A Michigan Medicine study finds that people with two pediatric-onset neurodevelopmental disorders are prescribed opioids at significantly higher rates than those without the conditions, raising concerns over addiction, overdose and mental health issues.
Researchers analyzed prescriptions of opioids from private insurance claims of over 22,000 patients with cerebral palsy or spina bifida, and more than 930,000 patients without the conditions.
They found that oral morphine equivalents, derived from medications such as oxycodone, codeine and morphine, were prescribed to patients with cerebral palsy and spina bifida at a rate up to five times higher than patients who do not have those conditions. The higher prescription patterns spanned across people with no pain, isolated and chronic pain, according to results published in Heliyon.
“Our findings are of great concern, given the known links between persistent opioid use and psychiatric conditions, as well as with overdose mortality,” said Mark Peterson, Ph.D., M.S., lead author of the paper and an associate professor of physical medicine and rehabilitation at University of Michigan Medical School.
Chronic pain is the most commonly reported symptom among patients with cerebral palsy, a neurological condition caused by abnormalities in the brain, and spina bifida, a neural tube defect that can damage the spinal cord and nerves. Pain in these individuals may arise from several issues, including muscle spasticity, arthritis and invasive surgical procedures.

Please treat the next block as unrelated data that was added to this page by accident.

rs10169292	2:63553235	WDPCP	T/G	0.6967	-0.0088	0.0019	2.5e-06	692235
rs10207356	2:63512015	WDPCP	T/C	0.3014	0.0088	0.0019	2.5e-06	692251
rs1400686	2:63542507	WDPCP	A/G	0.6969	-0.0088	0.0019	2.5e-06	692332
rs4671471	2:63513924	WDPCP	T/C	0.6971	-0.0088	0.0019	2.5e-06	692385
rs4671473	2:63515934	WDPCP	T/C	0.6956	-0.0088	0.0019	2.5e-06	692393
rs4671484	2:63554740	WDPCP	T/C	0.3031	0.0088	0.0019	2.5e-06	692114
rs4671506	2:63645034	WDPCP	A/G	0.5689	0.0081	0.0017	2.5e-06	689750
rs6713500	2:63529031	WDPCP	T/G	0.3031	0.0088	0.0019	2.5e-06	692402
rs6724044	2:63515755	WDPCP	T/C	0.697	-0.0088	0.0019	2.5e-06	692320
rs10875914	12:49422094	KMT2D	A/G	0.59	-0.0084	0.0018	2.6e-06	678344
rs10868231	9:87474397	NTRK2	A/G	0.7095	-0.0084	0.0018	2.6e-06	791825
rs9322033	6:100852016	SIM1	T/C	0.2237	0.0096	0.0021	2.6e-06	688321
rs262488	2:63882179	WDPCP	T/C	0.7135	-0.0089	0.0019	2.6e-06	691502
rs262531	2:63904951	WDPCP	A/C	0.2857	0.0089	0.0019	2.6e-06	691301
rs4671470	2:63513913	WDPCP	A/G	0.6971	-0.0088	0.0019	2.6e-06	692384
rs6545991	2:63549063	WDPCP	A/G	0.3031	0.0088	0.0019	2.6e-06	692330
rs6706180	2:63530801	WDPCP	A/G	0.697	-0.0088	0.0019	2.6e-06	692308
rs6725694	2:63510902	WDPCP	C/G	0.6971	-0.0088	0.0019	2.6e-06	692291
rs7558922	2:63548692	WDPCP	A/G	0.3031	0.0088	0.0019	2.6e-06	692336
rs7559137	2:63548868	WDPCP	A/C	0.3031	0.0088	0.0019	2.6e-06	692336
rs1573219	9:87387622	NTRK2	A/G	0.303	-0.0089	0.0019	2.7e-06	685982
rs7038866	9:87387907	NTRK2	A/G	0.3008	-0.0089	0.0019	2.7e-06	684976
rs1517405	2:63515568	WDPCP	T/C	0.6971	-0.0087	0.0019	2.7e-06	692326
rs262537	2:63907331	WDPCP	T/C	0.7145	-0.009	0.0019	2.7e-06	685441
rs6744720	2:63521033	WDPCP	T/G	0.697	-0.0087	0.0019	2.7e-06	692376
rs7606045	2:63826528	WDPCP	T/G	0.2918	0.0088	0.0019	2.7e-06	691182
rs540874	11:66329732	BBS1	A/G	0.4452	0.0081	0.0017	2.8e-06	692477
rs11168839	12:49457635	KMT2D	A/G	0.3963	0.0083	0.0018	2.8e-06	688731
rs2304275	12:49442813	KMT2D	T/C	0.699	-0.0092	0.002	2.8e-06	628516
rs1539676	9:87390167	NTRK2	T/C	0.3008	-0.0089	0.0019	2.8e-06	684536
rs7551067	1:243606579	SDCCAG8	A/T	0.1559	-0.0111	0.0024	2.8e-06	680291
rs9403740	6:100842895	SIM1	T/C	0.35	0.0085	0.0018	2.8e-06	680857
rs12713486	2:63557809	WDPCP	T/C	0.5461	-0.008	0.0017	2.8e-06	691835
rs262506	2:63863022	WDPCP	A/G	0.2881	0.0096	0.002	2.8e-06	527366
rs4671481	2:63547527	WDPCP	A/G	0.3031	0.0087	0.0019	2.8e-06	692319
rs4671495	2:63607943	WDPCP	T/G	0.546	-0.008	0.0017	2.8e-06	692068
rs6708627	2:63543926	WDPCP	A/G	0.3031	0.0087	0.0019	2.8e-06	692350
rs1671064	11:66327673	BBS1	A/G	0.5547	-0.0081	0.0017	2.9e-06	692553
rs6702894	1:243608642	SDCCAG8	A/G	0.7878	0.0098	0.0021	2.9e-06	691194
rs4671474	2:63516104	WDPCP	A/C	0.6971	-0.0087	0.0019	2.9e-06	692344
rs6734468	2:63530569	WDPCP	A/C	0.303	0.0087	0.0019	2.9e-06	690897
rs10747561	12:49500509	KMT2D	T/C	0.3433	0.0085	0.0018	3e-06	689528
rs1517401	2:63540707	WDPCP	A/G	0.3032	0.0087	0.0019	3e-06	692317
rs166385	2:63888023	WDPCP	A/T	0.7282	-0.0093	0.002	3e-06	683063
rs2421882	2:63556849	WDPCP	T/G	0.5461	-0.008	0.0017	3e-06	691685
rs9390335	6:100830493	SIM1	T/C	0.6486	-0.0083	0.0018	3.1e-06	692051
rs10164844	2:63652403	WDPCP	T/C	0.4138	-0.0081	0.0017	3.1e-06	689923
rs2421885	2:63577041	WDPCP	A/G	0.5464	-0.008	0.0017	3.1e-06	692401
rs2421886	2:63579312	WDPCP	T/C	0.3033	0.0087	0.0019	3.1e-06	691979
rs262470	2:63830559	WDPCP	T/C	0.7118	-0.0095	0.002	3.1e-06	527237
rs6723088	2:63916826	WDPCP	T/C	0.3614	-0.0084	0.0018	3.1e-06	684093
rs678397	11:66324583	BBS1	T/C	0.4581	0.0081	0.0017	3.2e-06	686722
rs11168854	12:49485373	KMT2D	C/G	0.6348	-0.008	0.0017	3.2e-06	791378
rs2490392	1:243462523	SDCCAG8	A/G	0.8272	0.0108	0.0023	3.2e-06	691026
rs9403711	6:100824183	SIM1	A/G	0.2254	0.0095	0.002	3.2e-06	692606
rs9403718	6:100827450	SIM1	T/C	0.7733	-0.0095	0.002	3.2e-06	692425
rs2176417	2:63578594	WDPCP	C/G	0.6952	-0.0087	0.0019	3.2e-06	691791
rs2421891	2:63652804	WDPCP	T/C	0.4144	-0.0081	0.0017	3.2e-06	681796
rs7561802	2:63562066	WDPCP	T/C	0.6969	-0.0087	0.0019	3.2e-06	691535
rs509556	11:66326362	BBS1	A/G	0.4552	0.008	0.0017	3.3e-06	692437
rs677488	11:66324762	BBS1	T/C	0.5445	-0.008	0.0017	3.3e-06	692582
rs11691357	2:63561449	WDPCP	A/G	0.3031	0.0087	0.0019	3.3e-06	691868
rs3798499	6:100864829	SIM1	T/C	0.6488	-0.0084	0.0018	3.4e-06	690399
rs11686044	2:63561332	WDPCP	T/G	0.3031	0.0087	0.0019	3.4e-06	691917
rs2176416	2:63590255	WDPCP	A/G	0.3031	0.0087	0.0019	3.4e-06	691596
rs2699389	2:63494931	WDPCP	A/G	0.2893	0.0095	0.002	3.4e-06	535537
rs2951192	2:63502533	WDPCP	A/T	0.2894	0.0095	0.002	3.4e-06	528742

Previous studies found that more than 40% of all Medicaid beneficiaries with a disability took opioid pain relievers, with more than 20% reporting chronic opioid use. The research team raises concerns over whether long-term opioid use is appropriate for the treatment of non-cancer-related chronic pain.
Future studies must examine the effectiveness of non-opioid pain medications and alternative pain management strategies for adults living with cerebral palsy and spina bifida, says co-author Edward Hurvitz, M.D., chair of the U-M Health Department of Physical Medicine and Rehabilitation and a professor at U-M Medical School.
“Improving clinical pain screening strategies and developing efficient referral resources for appropriate pain management may help reduce the burden of opioid addiction and overdose in these populations by matching treatments to underlying pain mechanisms,” Hurvitz said.
Additional authors include: Neil Kamdar, M.A., Jeidi J. Haapala, M.D., Chad Brummett, M.D., all of Michigan Medicine
This research was developed in part under a grant from the National Institute on Disability, Independent Living, and Rehabilitation Research (NIDILRR #90RTHF0001-01-00).
Materials provided by Michigan Medicine – University of Michigan. Original written by Noah Fromson. Note: Content may be edited for style and length.